The Delivery Is the Message: the Podium Design of Obama’s DNC Speech

August 2008 was an eventful month in Denver, a city where I lived for the past 17 years. The Democratic National Convention (DNC) came to town, and the convention site was literally a block from my workplace. As a Democrat, the event brought much excitement and once-in-a-lifetime opportunity to see rhetoric in action. I eagerly awaited day 5, when Obama would be delivering his acceptance speech. But on that night I had to teach a first-year writing class. It was the very first class of the semester. After teaching I sped downtown to the DNC site but missed most of the speech. Though disappointed, I knew I could go home and watch the whole thing on YouTube. Knowing this gave me much peace of mind.

In the 21st century, the nature of large-scale public address has drastically changed from ancient times. Oral speeches—what classical rhetoricians such as Isocrates, Plato, and Aristotle had in mind when they thought about rhetoric—are always “live,” thanks to television, Tivo, and the web. Technology is the principal medium that circulates speeches to the public. Unlike ancient times, audience needs not be present to hear the content. But technology not only made speeches more available/accessible (to those who have and *can* access to gadgets) than ever, it also changed the practice and nature of political speech making: It turned speech into a visual/oral event. Large-scale political addresses like the one Obama orated are no longer only meant to be heard; it is designed to be seen. This means that the act of delivering speeches is no longer just about voice, gestures, costume—“performance”—of the speaker. Delivery now involves elaborate scenery and music—in other words, staging. It will help to see some examples from the DNC, before I launch them, let me briefly touch on the notion of delivery in Greek rhetoric so that we can see how it drastically differs from what I’m trying to point out.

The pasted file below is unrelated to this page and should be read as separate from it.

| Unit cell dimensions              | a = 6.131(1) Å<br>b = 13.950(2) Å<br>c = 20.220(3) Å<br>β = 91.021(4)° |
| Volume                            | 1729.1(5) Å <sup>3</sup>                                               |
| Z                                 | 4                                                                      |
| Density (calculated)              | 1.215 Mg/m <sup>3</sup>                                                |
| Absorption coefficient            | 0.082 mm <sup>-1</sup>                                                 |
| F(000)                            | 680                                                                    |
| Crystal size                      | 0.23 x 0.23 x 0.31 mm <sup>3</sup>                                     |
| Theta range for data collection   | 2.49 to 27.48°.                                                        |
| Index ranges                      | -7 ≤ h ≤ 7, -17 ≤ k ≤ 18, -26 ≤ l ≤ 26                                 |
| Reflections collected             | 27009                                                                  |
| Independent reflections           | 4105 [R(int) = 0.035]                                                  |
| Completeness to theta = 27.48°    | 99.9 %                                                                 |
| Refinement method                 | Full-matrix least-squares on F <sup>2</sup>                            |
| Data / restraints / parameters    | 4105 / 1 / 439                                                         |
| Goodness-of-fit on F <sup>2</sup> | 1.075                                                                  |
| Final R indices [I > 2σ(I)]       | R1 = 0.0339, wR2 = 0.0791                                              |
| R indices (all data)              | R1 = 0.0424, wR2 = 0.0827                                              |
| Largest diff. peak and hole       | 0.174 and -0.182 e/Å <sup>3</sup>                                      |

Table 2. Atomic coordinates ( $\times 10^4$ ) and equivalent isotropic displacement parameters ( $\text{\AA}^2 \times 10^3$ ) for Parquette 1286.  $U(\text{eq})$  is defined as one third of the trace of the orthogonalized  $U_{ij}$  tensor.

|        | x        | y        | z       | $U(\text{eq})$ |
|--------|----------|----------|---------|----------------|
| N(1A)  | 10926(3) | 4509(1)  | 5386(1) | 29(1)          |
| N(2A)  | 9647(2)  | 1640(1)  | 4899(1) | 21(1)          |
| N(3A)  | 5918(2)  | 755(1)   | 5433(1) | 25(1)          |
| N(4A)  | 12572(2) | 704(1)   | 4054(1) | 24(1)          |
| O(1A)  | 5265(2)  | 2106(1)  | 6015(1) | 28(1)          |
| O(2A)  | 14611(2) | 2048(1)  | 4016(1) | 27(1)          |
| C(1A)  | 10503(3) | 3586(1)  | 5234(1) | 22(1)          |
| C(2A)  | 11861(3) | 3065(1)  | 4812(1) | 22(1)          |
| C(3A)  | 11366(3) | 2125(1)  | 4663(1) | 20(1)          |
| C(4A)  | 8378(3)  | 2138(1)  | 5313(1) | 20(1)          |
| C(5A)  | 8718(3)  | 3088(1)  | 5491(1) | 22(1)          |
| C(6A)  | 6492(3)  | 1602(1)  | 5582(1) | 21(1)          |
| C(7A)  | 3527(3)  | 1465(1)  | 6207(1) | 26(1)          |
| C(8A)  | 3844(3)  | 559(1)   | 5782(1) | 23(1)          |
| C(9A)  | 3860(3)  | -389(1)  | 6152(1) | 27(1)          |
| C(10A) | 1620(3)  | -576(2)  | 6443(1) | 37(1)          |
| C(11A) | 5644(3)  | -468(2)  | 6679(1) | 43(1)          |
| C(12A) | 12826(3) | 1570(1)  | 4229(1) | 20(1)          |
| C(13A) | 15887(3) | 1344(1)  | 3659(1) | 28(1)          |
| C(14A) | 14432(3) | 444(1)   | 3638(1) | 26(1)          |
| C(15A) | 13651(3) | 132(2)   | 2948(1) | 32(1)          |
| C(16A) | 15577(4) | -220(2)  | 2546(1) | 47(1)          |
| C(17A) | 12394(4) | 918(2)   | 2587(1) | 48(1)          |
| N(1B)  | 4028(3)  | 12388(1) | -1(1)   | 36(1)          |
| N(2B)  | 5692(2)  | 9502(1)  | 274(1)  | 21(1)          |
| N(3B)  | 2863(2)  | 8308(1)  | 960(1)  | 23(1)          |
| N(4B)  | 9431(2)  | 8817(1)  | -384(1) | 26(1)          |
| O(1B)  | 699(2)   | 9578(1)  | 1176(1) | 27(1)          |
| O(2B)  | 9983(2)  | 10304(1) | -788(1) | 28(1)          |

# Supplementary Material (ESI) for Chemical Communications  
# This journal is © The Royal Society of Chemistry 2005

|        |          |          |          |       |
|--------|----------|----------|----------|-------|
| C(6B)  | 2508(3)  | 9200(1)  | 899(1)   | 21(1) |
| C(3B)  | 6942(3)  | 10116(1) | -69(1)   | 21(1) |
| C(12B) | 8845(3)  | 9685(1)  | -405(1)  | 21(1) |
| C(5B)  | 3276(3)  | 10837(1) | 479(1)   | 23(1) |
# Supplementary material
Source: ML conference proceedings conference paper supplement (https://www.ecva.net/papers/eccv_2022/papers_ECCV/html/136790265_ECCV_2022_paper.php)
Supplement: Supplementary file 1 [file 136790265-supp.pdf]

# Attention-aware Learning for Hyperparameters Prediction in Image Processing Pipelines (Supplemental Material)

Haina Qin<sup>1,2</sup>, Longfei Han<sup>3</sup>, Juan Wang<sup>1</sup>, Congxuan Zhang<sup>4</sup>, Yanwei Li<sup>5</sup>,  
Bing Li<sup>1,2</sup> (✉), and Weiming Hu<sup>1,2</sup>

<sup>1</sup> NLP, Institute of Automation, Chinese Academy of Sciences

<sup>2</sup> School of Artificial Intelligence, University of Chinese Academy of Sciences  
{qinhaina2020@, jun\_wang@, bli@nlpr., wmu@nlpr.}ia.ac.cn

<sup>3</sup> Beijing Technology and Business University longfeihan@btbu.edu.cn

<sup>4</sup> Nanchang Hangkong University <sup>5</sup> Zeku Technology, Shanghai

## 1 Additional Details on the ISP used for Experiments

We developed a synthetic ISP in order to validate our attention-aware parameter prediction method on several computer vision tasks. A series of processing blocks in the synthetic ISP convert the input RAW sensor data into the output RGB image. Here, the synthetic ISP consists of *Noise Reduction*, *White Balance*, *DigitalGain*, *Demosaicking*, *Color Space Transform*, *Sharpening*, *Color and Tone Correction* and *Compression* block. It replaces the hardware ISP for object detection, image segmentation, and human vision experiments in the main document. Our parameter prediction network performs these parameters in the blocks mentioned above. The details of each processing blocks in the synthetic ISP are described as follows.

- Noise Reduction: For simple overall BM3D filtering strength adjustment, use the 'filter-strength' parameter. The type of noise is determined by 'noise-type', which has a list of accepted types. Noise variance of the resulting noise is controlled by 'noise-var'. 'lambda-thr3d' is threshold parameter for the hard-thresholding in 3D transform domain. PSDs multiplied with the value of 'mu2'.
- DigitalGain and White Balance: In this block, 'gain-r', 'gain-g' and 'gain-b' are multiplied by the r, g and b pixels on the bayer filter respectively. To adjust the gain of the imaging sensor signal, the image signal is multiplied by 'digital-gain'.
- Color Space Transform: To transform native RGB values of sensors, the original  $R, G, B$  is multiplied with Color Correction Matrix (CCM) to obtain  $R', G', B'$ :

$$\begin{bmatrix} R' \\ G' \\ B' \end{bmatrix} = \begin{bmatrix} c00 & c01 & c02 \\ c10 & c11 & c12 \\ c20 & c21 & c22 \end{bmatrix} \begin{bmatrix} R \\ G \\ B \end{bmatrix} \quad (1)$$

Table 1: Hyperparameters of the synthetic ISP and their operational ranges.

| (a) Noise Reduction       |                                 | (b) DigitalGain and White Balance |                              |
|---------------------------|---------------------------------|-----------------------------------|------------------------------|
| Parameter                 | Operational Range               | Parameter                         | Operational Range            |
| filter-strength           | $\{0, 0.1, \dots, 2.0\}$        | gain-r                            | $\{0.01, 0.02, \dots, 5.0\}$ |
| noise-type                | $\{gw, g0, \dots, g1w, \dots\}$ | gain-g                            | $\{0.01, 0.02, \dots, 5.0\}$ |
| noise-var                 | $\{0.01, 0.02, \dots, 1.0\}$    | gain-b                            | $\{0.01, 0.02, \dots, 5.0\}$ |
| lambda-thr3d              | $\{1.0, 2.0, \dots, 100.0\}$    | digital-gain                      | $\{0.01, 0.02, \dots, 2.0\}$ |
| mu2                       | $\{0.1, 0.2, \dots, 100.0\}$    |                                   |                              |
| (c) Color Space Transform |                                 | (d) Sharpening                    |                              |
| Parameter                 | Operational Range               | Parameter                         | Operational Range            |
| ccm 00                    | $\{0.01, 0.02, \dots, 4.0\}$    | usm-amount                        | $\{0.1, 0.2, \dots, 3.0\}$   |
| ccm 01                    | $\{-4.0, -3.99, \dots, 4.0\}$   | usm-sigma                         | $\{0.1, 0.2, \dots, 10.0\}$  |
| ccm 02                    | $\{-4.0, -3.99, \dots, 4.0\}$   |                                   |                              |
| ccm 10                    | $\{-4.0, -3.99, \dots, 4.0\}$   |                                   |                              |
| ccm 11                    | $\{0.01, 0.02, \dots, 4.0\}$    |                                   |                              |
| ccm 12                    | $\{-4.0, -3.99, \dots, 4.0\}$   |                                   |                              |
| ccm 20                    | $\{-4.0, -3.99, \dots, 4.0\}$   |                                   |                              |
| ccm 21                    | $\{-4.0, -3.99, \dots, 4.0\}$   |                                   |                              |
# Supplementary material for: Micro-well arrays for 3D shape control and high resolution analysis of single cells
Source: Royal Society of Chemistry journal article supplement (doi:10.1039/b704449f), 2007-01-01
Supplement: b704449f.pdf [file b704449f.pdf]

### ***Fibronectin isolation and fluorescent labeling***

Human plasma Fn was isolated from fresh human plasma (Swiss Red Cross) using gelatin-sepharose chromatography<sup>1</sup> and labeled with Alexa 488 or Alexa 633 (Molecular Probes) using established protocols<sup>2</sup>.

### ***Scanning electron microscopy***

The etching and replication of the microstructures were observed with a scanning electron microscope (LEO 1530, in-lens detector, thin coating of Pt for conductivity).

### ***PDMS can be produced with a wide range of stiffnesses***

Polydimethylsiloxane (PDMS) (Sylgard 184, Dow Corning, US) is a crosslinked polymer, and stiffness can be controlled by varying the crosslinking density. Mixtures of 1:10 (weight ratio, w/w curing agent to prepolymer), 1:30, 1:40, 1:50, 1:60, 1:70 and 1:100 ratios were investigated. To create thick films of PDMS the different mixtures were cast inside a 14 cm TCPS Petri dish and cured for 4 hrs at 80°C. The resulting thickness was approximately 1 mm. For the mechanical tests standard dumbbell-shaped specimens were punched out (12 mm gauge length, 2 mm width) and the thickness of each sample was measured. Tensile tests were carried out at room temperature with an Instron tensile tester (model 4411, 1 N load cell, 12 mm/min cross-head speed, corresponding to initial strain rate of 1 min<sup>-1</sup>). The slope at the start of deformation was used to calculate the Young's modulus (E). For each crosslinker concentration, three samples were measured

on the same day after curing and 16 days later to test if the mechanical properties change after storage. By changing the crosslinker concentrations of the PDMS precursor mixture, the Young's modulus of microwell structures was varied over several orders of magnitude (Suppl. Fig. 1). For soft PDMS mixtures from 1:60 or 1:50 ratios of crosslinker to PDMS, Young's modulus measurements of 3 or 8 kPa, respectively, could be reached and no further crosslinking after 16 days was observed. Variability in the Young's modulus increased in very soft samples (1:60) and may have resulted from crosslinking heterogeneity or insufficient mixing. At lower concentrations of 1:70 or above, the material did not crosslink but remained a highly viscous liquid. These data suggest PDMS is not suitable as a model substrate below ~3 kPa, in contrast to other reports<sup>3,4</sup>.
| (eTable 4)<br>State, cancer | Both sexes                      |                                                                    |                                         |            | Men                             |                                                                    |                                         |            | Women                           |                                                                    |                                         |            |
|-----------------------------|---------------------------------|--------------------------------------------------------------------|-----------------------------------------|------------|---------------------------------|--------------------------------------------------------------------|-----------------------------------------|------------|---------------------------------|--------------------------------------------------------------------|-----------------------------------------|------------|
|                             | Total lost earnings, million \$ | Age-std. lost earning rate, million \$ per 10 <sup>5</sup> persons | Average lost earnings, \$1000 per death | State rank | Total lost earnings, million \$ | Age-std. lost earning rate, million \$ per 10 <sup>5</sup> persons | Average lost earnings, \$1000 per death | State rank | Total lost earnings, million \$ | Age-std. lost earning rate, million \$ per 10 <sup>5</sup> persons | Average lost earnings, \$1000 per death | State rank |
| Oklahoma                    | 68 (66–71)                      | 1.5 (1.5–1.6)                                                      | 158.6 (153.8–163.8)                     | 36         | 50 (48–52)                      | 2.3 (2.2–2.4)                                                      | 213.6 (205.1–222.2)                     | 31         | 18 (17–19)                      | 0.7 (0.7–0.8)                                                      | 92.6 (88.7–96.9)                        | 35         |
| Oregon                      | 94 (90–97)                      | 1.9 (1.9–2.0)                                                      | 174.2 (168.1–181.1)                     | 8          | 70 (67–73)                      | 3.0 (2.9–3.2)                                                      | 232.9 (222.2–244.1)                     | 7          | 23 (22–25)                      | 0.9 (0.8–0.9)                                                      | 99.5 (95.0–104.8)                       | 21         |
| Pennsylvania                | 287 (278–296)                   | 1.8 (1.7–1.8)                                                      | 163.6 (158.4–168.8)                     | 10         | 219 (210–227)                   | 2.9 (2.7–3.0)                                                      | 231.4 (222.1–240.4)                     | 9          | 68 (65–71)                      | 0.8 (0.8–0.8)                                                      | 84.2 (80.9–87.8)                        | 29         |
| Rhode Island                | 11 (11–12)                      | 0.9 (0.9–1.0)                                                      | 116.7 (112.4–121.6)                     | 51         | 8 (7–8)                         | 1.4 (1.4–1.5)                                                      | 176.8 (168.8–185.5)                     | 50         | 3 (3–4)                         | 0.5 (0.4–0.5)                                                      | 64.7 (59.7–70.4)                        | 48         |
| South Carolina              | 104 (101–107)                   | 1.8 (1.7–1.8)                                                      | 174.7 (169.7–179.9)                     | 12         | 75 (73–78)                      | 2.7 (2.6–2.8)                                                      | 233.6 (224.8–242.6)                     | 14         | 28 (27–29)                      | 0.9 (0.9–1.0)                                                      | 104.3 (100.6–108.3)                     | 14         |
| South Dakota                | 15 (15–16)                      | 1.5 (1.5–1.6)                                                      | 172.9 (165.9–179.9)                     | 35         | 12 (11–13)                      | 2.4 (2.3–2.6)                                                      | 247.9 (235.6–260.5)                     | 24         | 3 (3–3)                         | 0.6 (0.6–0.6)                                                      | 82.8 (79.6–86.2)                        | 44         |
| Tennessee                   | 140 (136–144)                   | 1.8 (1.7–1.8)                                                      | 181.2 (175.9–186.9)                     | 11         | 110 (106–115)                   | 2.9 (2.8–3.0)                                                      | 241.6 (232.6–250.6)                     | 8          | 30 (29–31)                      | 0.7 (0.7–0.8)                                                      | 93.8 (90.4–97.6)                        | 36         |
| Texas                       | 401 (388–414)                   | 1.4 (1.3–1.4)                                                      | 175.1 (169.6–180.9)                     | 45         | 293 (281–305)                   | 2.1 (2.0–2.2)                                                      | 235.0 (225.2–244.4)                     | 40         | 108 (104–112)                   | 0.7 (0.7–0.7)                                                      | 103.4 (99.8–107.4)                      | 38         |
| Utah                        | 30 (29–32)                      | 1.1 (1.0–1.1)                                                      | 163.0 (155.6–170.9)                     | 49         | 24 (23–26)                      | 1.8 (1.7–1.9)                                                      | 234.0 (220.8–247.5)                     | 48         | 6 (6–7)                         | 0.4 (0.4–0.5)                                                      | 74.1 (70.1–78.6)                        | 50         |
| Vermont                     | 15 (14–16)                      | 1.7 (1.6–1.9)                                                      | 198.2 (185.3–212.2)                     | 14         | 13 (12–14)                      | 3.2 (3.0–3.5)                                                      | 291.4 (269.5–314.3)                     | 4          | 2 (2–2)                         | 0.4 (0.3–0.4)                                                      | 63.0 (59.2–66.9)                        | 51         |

In Rhetoric Aristotle didn’t touch much upon delivery because he relegated it as a matter of acting.  Here’s what he said about it: “It is a matter of how the voice should be used in expressing each emotion, sometimes loud and sometimes soft or intermediate, how the pitch accents should be entoned, whether as acute, grave, or circumflex, and what rhythms should be expressed…Delivery seems a vulgar matter when rightly understood” (Book III, Ch. 1). Roman rhetoricians, Cicero and Quntillian, gave more attention to delivery, stressing how it could impact the speaker’s character, audience’s per/reception, and persuasiveness. But all in all, delivery in classical times focused on the physicality of the speaker: his voice, gesture, attire and appearance.

These issues continue to be important in political speeches in the 21st century. Obama strategically used intonation, pitch, and stance to enhance his credibility and identity at the DNC. (Click here for video.) But what I want to focus on here is the prop aspect of Obama’s delivery. Take a look at these images:

Image 1

Image 2

Image 3

The podium from where Obama spoke was strategically designed to make him appear  experienced, “in charge,” and authoritative. The stage set looked like the White House. Everything from the background, the blue carpet to the 50 stars circling the podium boosted Obama’s presidential quality or to use a rhetoric term ethos (identity, character, image). The set conveyed meanings; it delivered an argument: Obama’s ready and got what it takes to be the president. In sum, the set became an available mean of persuasion. (I remember Chris Matthews saying that the stage design was deliberately done to negate claims that Obama is inexperienced and too young to be Commander in Chief. That is, some thought he doesn’t appear presidential.) No wonder Democrats were willing to pay $140,000 for it, according to Weekly Standard.